Some men produce sperm that are poor swimmers, a major cause of infertility. To help, researchers from Germany have developed motorized cyborg “spermbots” that can be guided directly to an egg.
The identical triplets headed home from a Houston hospital today are being called “one in a million” multiples by doctors. The reason we don’t have more identical triplets running around is very simple—and it probably goes against what you’ve heard about twins (or triplets, for that matter).
Sperm usually swim in a 3D shimmy: a spiral wave travels down the whippy flagellum and rotates its head in a circle around its long axis. That “bulk swimming” is fine most of the time, but it isn’t a great option when a sperm cell gets close to a surface. That’s when they switch to “slither” mode.
The New York Times is following a team of doctors at the Cleveland Clinic as they attempt the first uterus transplant in the United States. If successful, the procedure will let women who’ve had a hysterectomy, or who were born without a uterus, carry a fetus to term and give birth.
The birds you see above are all ruffs (Philomachus pugnax): wading birds that summer in marshes through Northern Europe and Asia. All three are wearing different forms of breeding plumage. And all of them are male.
Seahorses are famous for flipping the usual reproductive pattern on its head–a seahorse female impregnates the male by laying eggs in his pouch, and the male cares for the developing babies through an 18 day “pregnancy.” But you have to wonder: how does she get her eggs in there?
Northeastern University biologist Jonathan Tilly is certain he’s found egg-making stem cells in adult mice. If he’s right, it would refute decades-old work that showed female mammals finish making all their eggs before or shortly after birth. This might make it possible to grow new eggs inside the ovaries of older…
For the past 25 years, men whose sperm can’t manage the arduous swim across a Petri dish have had the option of injecting a single sperm cell directly into an egg. But that method still left some sterile men out in the cold.
Last week at Buzzfeed News, Dan Vergano described the surprising results of a paternity test–the first known case of a man fathering the son of a brother he didn’t know existed. It’s an example of a rare genetic condition known as chimerism.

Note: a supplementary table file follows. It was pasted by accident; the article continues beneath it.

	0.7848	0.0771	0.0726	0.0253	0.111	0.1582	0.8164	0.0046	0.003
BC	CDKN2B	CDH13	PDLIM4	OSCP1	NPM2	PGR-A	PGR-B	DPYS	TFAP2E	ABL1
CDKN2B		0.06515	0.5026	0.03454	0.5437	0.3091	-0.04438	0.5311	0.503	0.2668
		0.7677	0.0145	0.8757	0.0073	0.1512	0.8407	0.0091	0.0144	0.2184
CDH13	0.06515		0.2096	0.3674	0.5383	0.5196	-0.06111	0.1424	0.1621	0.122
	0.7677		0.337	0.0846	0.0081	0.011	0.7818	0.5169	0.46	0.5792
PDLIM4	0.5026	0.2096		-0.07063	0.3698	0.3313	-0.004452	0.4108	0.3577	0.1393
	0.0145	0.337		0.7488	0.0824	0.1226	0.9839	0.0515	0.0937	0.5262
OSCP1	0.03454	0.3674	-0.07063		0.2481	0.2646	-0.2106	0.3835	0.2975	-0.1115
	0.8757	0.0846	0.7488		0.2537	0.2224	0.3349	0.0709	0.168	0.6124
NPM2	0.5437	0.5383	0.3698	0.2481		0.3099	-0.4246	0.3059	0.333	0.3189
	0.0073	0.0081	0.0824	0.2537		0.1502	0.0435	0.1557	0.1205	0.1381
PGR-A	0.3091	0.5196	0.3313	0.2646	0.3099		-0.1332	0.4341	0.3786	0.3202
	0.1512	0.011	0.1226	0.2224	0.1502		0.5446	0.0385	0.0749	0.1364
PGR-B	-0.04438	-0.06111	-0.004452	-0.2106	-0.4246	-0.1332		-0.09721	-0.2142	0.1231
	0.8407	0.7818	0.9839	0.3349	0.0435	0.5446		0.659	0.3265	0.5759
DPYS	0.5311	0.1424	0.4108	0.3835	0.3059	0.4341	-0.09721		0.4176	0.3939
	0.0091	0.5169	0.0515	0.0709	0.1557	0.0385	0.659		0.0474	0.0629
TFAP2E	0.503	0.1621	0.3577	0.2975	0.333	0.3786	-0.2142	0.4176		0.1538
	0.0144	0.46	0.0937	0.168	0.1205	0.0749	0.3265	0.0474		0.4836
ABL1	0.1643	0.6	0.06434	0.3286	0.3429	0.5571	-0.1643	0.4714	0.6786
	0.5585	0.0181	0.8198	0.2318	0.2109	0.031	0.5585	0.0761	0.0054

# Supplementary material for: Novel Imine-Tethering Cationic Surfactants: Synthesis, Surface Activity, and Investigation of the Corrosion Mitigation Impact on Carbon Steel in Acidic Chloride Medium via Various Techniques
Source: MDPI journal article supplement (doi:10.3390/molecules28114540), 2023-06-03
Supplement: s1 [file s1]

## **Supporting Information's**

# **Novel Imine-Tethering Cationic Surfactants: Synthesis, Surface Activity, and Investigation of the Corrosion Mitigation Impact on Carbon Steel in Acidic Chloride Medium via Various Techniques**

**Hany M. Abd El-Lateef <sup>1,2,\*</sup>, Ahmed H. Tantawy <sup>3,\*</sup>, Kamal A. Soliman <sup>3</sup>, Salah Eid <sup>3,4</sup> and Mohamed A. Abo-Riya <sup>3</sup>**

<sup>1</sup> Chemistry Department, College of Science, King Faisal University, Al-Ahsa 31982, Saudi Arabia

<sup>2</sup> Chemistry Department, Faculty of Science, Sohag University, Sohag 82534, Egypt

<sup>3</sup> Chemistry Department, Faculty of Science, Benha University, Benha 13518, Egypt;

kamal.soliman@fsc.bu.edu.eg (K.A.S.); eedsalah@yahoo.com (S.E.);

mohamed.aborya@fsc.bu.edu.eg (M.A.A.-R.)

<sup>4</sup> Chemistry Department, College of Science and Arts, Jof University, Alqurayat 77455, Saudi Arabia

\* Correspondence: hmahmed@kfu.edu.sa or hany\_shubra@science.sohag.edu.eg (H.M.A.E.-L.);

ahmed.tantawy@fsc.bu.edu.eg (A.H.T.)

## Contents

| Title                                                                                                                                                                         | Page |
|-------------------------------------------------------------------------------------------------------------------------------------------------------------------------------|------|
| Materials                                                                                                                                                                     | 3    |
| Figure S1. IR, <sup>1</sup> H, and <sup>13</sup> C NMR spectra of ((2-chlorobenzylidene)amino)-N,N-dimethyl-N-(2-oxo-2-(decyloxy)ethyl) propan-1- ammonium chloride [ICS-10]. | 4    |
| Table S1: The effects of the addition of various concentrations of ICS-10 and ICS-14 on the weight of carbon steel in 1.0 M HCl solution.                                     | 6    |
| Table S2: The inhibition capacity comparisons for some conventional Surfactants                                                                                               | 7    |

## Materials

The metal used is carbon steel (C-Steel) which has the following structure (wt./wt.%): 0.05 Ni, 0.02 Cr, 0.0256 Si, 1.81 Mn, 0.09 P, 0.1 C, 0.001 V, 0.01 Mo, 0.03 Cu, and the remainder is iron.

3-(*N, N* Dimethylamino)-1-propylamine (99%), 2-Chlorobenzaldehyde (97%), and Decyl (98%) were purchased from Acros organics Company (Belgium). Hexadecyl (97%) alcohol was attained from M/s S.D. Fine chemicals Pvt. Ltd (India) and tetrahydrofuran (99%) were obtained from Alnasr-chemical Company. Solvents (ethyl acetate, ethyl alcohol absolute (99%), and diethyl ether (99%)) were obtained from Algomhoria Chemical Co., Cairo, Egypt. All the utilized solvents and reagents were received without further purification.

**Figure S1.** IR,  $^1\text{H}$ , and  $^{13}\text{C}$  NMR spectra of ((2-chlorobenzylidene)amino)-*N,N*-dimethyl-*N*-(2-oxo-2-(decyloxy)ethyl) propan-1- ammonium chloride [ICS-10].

Biologists already knew that one set of neurons play a big role in triggering puberty. A new study shows that these neurons don’t stop working once puberty ends, but keep running through adulthood, serving as a sort of reproductive timer.
A couple of months ago, the Twitter hashtag #JunkOff got biologists to post photos that displayed the extravagant weirdness of plant and animal genitalia. Yesterday, evolutionary geneticist Tom Houslay dared them to write about what animals actually do with their junk.
As sperm swim they transform chemical energy into motion, the way a car’s engine uses gas to propel you down the road. Like that engine, the process is complicated—if just one part stops working, the whole system can grind to a halt. This idea might lead to a contraceptive for men that’s reversible.
Lots of human cells are specialized, but I can’t think of any that are as stripped down to a single purpose as spermatozoa. Sperm have just one job, and they’ll die doing it.
If you’re trying to save an endangered animal, you need to protect its habitat and change the human behaviors driving it toward extinction. But all that will be meaningless if the animals don’t have babies. And so sometimes, you have to help with that, too.
Southern rockhopper penguins mate for life, but when biologists used light-based geolocators to track their behavior they found that pairs only spent about 20 to 30 days together each year–just enough time to mate and lay eggs.
A male seahorse gets pregnant when his mate deposits her as-yet-unfertilized eggs into a pouch on his belly. He fertilizes them, then carries the developing embryos until they’re ready to feed themselves. At which point he forcefully shoots them into the world.
Menopause is one of the oddest features of human reproductive biology. Not the hot flashes or the forgetfulness, but the fact that older women lose the ability to have babies. Now researchers say that once it appeared, menopause may have had a ripple effect on human mating that helped create the human pair-bond.
The successful union of egg and sperm in fertilization depends on a sperm cell’s ability to get through an egg’s thick protective coating and latch itself to its membrane. A study published in the journal Andrology yesterday gives us our first look at the protein responsible for the tie-down.
The Smithsonian’s National Zoo has been part of an international effort to breed highly endangered giant pandas in captivity ever since Richard Nixon visited China in 1972. But in 43 years, they’ve had only two solid successes–cubs Tai Shan and Bao Bao. They hope the new twins born this weekend will make it four.
Stunning underwater video by Jose Lachat at Aeon shows you major milestones in the life of an Australian flamboyant cuttlefish: including birth, courtship, and egg-laying before death. If you want to skip right to the sexy part, the mating dance starts at 2:19.